Mobile banking reaches critical mass for big banks

The 4Q11 financials from both JPMorgan Chase and Wells Fargo underline the extent to which mobile banking has emerged as a key banking channel, while also indicating that online penetration may have reached a ceiling.

  • Chase:
    • Between 4Q10 and 4Q11, Chase grew its active mobile banking customers by 57%, while during the same period active online banking customers increased by 3%
    • Active online banking customers as a percentage of total Chase checking customers rose from 62% in 4Q10 to 65% in 1Q11, but has remained at 65% for the three subsequent quarters.  Active mobile customers as a percentage of checking customers rose from 20% in 4Q10 to 32% in 4Q11
    • Active mobile customers as a percentage of active online customers rose from 32% in 4Q10 to 48% in 4Q11
    • The rate of growth in active mobile customers does not yet show signs of abating.  The quarterly growth rate fell from 13% in 1Q11 to 9% in 2Q11, but then increased to 10% in 3Q11 and again to 16% in the most recent quarter

  • Wells Fargo:
    • Active mobile customers increased 55% between 4Q10 and 4Q11.  During this period, active online customers rose 8%
    • Active mobile customers as a percentage of active online customers rose from 26% in 4Q10 to 37% in 4Q11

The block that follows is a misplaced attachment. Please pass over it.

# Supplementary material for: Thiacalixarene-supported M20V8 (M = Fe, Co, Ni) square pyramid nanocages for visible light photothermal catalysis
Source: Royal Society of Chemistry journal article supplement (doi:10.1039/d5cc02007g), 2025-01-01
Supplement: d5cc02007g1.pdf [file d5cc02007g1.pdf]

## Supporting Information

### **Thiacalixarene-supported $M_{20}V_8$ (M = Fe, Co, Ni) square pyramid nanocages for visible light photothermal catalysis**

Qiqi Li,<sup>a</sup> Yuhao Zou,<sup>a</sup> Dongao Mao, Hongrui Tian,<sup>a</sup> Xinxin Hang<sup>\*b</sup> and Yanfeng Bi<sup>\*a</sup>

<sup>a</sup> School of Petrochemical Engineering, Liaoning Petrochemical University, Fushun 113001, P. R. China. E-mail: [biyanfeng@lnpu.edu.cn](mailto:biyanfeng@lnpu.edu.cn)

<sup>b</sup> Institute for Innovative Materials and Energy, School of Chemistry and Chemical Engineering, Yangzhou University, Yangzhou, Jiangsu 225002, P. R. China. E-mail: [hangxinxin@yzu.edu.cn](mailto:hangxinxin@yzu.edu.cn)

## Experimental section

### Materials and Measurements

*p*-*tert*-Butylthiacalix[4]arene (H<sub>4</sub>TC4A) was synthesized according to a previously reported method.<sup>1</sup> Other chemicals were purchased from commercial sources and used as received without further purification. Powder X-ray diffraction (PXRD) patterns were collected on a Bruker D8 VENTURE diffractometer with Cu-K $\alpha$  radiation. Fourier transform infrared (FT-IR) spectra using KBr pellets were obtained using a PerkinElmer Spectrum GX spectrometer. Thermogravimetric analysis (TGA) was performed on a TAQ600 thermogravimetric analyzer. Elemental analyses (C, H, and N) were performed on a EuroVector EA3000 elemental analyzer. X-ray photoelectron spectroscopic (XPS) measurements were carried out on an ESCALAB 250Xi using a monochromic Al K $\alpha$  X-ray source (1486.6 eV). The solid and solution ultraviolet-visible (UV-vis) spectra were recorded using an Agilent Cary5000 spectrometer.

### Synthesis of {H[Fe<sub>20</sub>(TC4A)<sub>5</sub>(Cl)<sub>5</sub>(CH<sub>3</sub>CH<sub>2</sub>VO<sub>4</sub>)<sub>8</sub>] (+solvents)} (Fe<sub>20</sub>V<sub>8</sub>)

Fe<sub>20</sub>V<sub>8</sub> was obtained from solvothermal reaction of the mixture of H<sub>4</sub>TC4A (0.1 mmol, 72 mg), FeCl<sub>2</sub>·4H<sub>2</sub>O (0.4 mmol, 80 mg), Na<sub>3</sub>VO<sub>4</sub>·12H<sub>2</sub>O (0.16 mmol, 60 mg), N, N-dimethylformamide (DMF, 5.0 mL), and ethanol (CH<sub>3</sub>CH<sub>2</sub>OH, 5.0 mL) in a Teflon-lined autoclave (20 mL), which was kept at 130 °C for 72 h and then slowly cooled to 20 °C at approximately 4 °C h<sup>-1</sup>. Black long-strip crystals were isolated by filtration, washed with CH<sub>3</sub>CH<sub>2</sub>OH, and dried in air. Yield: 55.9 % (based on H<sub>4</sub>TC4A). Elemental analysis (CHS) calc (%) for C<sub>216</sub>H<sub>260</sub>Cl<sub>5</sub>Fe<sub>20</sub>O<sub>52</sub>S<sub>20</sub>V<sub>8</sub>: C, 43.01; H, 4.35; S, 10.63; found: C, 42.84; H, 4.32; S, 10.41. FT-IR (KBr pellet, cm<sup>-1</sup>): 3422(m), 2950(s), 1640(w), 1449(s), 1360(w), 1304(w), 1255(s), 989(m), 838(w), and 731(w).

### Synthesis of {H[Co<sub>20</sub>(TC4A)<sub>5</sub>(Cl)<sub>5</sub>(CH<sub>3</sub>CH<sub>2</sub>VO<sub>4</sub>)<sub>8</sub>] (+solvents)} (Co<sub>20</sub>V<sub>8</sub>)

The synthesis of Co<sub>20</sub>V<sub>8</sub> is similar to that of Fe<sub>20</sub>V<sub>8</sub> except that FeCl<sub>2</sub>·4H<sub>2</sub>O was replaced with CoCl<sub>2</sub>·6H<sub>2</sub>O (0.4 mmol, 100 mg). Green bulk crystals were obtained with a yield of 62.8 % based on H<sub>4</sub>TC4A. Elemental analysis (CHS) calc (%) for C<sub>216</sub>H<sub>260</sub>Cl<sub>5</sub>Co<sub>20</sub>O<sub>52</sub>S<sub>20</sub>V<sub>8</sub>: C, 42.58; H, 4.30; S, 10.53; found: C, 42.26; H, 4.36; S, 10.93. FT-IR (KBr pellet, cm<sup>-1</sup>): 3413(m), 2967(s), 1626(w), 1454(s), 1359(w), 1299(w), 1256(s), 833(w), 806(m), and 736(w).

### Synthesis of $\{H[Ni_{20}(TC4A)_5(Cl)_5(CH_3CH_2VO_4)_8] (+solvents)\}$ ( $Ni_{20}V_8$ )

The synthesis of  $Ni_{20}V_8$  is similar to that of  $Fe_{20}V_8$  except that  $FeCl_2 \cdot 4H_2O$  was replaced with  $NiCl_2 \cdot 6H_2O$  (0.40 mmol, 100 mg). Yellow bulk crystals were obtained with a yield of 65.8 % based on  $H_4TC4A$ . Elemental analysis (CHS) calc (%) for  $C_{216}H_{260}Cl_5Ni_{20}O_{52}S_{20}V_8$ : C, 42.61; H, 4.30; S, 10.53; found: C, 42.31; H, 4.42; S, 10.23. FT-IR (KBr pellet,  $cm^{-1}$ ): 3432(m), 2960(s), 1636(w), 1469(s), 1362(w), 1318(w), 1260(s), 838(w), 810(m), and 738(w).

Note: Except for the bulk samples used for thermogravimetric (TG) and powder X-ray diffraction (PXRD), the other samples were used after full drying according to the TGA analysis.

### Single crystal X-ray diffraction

The demise of bank branches?

In August 2009, Bank of America signaled that it would be reducing its branch network by up to 10%.  Some industry commentators took this to be indicative of the longer-term demise of the branch channel.  These analysts pointed to branch costs, as well as the increased usage of online banking and related services.  Most leading U.S. banks did reduce branch numbers in 3Q09.  However, many of these banks acquired other banks over the past year, and the reduction in branch numbers comes from the elimination of overlapping branches.

Going forward, banks may well continue to shave branch numbers in order to control costs and reduce branch density.  However, we do not envisage the demise of the branch channel.  What we are seeing is a re-evaluation of the role of the branch, given that online banking, online bill payment and mobile banks are not accounting for a growing share of day-to-day banking transactions.  In the future, branch activities will be more focused on complex interactions, such as lending, marketing of new products and services, the provision of financial advice and general relationship development.

The following are branch counts for leading banks in 3Q09 (with changes from 2Q09 in parentheses)

  • Wells Fargo: 6,653 (down 15)
  • Bank of America: 6,008 (down 101)
  • Chase: 5,126 (down 77)
  • PNC: 2,553 (down 53)
  • Regions (down 4)
  • BB&T: 1,859 (up 354, due to acquisition of Colonial Bank)
  • SunTrust: 1,690 (down 2)
  • Fifth Third: 1,306 (no change)
  • Citi Retail Banking North America: 1,051 (up 21)
  • KeyBank: 1,003 (up 10)
  • Huntington: 610 (no change)
  • Comerica: 444 (up 3)